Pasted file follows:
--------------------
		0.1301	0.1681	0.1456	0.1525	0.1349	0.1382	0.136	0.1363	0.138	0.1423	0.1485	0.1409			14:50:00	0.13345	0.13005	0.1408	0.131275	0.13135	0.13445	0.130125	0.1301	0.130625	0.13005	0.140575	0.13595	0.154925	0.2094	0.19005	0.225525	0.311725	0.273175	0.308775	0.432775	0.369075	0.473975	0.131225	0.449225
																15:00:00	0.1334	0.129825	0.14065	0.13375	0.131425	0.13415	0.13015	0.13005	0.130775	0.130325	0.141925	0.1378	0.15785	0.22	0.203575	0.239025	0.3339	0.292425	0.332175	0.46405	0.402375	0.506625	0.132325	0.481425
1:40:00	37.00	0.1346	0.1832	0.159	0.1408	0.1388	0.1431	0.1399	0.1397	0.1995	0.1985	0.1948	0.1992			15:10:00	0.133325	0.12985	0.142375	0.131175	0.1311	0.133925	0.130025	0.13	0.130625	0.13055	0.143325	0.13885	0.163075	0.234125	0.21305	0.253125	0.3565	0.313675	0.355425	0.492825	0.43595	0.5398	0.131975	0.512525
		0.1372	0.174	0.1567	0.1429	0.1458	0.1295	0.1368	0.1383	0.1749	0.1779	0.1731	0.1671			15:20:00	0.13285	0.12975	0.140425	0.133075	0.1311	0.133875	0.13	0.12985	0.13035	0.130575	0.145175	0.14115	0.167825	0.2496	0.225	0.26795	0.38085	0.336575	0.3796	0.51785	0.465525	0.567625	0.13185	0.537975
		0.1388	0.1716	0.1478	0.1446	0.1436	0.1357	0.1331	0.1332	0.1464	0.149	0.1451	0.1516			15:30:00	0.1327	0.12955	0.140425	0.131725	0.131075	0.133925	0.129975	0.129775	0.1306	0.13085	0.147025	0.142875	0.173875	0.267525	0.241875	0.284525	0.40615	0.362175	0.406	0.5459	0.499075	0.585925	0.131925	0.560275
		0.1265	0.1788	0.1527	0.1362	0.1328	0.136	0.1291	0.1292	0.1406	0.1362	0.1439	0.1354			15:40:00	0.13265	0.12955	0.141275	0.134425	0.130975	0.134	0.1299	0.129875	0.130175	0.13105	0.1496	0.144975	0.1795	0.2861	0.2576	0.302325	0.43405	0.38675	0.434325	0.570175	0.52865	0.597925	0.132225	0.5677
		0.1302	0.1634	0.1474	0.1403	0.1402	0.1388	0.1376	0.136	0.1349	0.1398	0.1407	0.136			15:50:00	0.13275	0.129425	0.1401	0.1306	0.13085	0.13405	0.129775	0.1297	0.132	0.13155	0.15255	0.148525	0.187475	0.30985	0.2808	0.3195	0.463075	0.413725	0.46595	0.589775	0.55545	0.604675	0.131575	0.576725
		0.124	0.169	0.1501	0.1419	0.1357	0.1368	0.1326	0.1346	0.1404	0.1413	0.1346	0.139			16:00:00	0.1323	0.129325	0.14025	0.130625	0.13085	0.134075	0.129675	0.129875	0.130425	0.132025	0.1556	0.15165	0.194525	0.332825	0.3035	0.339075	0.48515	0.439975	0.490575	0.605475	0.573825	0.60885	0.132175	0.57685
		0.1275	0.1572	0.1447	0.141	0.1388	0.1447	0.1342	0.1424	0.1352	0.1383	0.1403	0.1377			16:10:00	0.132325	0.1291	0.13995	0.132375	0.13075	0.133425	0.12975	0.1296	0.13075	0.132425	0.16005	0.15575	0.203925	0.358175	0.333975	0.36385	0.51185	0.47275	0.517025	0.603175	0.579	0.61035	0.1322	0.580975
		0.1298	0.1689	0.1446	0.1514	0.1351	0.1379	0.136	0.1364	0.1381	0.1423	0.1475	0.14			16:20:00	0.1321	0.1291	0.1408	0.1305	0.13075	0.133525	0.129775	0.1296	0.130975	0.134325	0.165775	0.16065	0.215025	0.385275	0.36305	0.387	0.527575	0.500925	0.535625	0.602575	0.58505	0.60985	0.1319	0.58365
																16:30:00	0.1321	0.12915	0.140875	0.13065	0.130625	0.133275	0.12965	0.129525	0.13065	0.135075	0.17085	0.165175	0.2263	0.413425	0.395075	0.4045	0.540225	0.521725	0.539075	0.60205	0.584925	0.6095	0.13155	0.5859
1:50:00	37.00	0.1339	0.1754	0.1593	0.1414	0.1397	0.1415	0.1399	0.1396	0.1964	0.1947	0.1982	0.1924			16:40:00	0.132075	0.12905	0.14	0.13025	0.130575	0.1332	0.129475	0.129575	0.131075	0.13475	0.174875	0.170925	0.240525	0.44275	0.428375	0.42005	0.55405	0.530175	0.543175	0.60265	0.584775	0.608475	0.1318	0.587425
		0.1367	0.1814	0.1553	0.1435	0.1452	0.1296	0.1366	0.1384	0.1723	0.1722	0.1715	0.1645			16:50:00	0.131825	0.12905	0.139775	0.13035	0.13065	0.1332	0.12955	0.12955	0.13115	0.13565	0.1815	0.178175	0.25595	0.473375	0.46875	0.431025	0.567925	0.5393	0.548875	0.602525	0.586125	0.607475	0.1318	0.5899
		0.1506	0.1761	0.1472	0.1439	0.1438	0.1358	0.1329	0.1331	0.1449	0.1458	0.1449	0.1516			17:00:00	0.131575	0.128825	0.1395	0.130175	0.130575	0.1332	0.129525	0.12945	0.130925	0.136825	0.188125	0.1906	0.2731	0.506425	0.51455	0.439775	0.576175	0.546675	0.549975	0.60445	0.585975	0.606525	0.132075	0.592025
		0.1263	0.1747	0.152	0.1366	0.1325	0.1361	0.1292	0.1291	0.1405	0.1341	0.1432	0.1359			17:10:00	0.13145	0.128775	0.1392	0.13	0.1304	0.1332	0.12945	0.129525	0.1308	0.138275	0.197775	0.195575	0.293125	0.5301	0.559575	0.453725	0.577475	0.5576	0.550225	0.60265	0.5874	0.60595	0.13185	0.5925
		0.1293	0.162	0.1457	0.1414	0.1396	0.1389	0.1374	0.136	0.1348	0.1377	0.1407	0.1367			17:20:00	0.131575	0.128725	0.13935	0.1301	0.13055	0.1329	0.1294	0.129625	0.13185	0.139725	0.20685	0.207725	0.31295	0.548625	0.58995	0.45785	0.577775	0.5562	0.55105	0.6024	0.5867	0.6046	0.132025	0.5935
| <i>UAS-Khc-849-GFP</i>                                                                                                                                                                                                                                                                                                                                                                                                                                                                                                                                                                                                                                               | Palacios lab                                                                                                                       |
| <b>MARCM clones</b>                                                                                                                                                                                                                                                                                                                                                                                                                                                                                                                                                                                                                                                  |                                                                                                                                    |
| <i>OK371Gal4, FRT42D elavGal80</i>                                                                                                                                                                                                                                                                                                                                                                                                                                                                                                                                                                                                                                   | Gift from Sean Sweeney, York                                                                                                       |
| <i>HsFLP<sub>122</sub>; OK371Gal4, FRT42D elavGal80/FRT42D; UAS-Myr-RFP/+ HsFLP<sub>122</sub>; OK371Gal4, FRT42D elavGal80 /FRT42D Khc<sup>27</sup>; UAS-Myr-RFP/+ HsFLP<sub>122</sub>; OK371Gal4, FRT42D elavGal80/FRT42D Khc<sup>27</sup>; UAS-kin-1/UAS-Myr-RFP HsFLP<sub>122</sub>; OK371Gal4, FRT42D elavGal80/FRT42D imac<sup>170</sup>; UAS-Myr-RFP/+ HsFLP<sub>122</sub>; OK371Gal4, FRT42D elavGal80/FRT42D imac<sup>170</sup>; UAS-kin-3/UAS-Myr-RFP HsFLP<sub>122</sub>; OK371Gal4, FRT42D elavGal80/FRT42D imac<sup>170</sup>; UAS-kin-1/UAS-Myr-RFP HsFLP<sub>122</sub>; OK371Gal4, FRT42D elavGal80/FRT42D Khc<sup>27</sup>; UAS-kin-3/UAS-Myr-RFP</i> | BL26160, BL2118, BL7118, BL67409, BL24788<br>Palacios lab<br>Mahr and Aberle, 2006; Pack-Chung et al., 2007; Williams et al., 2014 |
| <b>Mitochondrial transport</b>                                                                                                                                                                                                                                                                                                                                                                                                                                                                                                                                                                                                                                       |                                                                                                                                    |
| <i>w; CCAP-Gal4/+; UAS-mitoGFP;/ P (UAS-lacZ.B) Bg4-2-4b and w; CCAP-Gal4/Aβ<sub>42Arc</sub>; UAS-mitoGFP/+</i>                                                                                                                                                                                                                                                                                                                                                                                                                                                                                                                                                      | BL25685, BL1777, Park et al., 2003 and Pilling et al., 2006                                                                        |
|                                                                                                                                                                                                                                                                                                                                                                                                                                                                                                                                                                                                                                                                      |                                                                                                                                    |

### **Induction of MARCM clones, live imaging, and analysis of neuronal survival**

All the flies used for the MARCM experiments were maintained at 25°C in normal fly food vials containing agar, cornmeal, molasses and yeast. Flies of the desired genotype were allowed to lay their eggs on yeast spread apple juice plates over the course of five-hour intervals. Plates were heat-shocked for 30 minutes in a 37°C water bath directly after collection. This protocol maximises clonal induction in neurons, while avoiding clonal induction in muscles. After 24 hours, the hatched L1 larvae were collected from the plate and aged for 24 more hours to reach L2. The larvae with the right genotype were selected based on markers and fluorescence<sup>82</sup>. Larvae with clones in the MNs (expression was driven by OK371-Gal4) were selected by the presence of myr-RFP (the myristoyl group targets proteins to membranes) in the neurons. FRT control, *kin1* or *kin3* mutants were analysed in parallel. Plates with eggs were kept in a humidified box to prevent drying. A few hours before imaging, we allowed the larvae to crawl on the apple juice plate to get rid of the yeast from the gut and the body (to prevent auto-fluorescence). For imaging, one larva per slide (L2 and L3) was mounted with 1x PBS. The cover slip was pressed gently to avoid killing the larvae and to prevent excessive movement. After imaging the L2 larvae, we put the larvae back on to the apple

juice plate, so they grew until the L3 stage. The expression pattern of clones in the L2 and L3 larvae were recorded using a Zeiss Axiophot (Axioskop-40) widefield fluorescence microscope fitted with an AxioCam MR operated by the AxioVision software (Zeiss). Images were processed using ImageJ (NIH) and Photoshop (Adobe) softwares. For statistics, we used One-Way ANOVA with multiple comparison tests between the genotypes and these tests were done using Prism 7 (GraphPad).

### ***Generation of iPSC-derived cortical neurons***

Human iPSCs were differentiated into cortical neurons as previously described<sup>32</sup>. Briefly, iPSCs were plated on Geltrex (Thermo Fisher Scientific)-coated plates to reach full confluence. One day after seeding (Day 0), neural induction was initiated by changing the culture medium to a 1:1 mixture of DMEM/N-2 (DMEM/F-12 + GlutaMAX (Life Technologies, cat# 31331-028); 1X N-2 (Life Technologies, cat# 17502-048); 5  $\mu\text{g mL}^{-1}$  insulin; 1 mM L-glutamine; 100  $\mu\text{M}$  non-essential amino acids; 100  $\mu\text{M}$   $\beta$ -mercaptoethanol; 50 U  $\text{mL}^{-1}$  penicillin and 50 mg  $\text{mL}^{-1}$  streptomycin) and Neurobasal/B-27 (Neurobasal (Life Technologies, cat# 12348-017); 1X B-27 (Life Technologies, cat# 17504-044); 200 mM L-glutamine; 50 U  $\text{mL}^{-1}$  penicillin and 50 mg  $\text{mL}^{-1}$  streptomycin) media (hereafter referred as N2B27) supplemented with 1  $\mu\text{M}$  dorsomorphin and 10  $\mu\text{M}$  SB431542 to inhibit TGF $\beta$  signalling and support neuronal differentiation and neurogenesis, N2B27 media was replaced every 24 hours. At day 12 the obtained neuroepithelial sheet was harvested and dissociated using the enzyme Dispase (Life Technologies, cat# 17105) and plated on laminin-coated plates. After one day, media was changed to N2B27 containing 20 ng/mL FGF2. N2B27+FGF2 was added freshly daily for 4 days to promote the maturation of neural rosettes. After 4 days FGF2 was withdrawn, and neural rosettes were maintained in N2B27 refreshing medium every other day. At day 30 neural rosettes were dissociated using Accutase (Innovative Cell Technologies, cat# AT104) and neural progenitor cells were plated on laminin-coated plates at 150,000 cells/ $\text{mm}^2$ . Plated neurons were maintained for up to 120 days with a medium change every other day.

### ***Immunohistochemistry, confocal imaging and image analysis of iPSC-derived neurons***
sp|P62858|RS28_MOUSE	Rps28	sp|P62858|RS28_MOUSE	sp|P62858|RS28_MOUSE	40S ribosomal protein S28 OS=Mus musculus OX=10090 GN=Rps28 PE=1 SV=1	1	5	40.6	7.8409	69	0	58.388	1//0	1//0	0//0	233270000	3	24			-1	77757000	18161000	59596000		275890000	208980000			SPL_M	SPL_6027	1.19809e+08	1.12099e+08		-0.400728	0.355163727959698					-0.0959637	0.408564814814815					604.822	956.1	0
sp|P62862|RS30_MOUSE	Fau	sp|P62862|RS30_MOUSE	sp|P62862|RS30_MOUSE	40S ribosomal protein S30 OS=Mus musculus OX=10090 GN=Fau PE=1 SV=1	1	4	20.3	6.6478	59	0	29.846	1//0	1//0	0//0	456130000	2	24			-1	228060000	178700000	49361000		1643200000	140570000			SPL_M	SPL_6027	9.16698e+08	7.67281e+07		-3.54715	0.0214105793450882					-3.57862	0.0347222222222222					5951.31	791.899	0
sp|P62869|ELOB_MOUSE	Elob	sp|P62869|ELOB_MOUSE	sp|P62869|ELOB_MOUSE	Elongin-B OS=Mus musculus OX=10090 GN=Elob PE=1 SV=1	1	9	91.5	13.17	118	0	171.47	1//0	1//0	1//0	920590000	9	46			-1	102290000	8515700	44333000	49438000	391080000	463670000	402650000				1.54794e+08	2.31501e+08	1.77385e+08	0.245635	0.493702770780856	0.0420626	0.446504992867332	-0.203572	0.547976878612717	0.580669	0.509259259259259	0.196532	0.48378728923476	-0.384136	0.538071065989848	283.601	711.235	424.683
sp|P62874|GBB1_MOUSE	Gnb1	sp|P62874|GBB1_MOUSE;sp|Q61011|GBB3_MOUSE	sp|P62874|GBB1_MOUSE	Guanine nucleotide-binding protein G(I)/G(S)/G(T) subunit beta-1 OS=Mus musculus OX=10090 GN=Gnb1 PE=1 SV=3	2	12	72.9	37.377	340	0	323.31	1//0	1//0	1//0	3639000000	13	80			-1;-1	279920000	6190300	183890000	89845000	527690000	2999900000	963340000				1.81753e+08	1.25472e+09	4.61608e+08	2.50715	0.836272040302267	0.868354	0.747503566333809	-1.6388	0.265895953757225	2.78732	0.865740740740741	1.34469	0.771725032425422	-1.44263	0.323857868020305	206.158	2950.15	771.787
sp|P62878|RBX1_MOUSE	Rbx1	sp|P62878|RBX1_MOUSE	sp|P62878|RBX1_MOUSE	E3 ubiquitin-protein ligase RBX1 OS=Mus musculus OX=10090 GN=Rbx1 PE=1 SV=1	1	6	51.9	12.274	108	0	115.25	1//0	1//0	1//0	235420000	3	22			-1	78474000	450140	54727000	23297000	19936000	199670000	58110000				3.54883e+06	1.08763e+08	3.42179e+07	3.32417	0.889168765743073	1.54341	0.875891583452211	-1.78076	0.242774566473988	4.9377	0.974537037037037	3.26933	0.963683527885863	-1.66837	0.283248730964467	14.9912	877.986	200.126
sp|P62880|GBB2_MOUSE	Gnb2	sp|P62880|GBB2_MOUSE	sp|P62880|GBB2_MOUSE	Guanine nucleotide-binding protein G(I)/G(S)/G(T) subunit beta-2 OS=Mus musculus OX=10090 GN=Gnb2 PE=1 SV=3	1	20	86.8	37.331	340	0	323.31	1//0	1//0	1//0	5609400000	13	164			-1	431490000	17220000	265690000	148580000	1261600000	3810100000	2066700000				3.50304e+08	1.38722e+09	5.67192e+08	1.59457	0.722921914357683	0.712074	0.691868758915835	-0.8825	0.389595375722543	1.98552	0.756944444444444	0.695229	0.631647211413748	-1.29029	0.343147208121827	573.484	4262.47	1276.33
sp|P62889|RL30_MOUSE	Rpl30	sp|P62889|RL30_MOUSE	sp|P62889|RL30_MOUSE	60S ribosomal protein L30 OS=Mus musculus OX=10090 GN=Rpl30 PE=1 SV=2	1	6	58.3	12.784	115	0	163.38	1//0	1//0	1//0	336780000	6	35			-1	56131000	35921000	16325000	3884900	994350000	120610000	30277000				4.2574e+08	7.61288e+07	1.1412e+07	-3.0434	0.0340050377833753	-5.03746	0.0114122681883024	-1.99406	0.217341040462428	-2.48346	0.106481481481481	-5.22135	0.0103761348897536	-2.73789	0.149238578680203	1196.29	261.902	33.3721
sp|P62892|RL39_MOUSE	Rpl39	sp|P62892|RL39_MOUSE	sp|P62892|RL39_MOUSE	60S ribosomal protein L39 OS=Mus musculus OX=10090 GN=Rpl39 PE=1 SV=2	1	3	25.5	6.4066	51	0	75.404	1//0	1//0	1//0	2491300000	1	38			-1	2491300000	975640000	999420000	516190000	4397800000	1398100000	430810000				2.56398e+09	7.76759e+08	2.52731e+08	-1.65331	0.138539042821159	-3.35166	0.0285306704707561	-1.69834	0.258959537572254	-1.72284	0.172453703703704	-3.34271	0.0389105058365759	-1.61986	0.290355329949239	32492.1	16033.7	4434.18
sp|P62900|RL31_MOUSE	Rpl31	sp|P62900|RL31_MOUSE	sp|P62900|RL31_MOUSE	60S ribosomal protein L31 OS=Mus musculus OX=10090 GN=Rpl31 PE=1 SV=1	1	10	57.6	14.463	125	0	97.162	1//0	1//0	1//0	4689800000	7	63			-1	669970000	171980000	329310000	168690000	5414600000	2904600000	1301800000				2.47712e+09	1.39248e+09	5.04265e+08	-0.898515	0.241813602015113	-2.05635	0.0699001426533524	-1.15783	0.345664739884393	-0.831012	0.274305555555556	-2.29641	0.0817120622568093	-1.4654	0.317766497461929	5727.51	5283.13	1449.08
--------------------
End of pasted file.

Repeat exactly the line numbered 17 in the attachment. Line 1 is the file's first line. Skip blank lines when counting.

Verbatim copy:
| <i>UAS-Khc-849-GFP</i>                                                                                                                                                                                                                                                                                                                                                                                                                                                                                                                                                                                                                                               | Palacios lab                                                                                                                       |